LONDON (Reuters) - Worries over Donald Trump's economic policies and the potential for U.S. policy errors rose sharply this month, according to a survey of fund managers released on Tuesday, prompting them to hold more cash even though they expect growth and inflation to rise further.
Bank of America Merrill Lynch's monthly fund manager survey for January also showed that the highest proportion of investors since 2006 think the dollar is overvalued, and the highest in almost 14 years think the euro is undervalued.
The monthly survey of 215 clients with $547 billion of assets under management was conducted between January 6 and 12, two months after the U.S. election and just days before Donald Trump's inauguration as the 45th president of the United States.
Since Trump's victory, U.S. stocks have hit record peaks, tumbling bond prices have pushed yields up to multi-year highs, and the dollar has reached a 14-year high even in the face of an OPEC-fueled surge in oil prices.
But these so-called 'Trump trades' have faded since the turn of the year. Investors are increasingly nervous about what a Trump administration's policies will be and how they will affect world trade, growth and financial markets.
"Why high cash? 3 big 'tail risks' are trade war/protectionism (29%), US policy error (24%), China FX deval (15%)," BAML's global strategy team, led by Michael Hartnett in New York wrote in a note styled on the 140 character messages on Twitter, the social media platform favoured by Trump.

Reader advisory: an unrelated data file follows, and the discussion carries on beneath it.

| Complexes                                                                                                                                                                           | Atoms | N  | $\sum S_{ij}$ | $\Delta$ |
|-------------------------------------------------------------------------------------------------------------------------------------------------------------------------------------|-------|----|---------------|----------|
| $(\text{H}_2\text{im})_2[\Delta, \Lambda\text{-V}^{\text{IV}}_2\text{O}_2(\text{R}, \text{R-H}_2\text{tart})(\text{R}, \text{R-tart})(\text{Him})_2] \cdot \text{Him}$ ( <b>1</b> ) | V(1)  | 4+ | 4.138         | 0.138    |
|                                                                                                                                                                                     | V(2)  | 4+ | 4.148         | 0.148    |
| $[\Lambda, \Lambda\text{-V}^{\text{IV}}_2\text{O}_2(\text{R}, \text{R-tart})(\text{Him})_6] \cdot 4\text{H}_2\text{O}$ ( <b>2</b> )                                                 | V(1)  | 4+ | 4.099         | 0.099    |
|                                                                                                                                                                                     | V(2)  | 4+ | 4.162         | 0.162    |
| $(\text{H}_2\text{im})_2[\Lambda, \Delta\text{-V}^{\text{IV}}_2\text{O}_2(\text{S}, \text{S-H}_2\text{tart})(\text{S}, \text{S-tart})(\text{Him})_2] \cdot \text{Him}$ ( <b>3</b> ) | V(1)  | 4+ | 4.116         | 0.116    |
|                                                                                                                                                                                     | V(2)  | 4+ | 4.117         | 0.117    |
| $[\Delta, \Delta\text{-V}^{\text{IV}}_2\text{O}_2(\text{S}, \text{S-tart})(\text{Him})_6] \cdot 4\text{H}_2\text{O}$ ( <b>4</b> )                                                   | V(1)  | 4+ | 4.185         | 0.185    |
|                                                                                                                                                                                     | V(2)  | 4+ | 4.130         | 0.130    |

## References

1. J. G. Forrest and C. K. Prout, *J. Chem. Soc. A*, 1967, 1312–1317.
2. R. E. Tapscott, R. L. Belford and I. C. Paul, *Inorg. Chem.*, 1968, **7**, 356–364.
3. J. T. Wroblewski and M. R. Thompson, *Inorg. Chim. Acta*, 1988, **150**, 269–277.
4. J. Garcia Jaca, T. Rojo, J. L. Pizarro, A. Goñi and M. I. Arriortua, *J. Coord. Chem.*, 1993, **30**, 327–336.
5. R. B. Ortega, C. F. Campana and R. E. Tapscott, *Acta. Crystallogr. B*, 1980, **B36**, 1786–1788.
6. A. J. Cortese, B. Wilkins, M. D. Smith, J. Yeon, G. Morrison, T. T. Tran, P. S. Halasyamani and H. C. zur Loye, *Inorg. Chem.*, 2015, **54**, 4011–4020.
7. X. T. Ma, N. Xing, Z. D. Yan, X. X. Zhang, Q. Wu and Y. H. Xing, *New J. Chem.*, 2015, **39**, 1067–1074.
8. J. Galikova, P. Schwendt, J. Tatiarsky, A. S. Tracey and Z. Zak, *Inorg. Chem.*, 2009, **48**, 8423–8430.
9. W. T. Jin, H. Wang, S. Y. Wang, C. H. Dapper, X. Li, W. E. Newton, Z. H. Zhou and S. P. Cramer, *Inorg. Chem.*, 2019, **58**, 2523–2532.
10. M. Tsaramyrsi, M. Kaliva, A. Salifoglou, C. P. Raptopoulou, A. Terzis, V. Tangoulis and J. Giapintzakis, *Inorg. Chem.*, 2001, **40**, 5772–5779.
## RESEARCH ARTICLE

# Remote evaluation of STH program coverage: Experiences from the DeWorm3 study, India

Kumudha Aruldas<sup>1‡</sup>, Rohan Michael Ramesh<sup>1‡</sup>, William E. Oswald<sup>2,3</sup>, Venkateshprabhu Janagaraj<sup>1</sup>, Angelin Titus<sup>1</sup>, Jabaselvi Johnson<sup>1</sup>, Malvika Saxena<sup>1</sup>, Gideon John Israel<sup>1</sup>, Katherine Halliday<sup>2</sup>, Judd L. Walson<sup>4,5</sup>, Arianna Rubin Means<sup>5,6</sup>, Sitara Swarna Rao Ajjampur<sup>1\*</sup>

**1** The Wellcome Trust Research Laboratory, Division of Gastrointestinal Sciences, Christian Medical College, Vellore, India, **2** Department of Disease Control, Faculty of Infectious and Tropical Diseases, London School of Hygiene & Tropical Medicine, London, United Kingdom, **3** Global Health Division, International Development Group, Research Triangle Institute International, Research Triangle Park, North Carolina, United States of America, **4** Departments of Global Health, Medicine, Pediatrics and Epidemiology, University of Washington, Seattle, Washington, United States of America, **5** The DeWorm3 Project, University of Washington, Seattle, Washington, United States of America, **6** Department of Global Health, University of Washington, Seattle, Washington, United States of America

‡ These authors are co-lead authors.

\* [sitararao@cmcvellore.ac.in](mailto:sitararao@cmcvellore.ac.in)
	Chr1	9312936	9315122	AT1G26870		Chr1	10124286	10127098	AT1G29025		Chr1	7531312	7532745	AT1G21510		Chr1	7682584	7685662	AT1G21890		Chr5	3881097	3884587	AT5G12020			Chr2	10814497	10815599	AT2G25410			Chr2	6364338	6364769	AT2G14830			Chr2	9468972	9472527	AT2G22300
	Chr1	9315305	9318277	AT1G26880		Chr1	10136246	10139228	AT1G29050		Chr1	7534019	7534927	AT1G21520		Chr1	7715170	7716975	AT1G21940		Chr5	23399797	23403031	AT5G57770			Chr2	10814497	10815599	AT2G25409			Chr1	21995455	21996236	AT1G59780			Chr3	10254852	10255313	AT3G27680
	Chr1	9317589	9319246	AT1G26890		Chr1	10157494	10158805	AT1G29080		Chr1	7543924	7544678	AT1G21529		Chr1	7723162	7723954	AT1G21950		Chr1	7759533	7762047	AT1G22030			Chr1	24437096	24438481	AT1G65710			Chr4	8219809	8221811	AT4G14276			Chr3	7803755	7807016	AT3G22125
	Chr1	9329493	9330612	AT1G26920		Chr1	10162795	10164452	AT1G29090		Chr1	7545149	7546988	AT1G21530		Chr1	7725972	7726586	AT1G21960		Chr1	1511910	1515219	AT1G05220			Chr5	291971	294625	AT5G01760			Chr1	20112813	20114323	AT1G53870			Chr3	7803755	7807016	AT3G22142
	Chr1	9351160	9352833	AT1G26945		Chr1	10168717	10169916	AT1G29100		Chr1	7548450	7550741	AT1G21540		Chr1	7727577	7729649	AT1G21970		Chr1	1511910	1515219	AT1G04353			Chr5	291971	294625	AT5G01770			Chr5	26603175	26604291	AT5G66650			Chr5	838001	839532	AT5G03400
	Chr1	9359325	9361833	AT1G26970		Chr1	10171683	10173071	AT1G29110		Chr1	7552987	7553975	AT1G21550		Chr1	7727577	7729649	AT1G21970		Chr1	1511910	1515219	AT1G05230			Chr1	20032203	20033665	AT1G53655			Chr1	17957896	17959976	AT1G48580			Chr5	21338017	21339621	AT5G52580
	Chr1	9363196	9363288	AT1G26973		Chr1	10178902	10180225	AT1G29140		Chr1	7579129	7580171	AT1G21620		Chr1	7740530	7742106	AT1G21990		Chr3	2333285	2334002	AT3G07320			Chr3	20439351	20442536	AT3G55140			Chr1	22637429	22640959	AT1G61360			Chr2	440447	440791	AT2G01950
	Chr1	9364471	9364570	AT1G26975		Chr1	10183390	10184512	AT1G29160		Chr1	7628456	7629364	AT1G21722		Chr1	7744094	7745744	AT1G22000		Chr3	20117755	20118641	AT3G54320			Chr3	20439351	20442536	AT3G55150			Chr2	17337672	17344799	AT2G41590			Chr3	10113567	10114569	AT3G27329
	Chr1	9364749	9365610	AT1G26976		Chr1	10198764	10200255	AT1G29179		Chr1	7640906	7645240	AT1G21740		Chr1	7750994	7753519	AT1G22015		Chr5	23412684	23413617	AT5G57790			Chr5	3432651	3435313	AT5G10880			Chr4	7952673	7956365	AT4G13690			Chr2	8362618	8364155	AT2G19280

The biggest 'tail risks' in last month's survey were: concern of further European union disintegration or bank defaults (29 percent), and a stagflationary crash in the bond market (26 percent).
Being long U.S. dollars was the most crowded trade "by a country mile", cited by almost half of all respondents (47 percent), followed in a distant second place by short government bonds (11 percent).
The number of respondents expecting above-trend growth and inflation rose to 17 percent from 12 percent, the highest in five-and-a-half years, the survey showed.
Asked what level of 10-year U.S. Treasury yield would trigger an equity market correction, more than half of respondents (53 percent) said 4 percent, a fifth said 5 percent, and 16 percent said 3 percent.
The benchmark 10-year yield is currently 2.35 percent. It nudged 3 percent three years ago but hasn't been above that on a consistent basis for almost six years. It hasn't been above 4 percent since before the global financial crisis.
January's survey showed that fund managers raised their equities allocation to a 13-month high and cut their bond allocation to a 13-month low. The percentage of respondents expecting corporate earnings to rise 10 percent or more rose to its highest since June 2014.
(Reporting by Jamie McGeever; Editing by Larry Kin)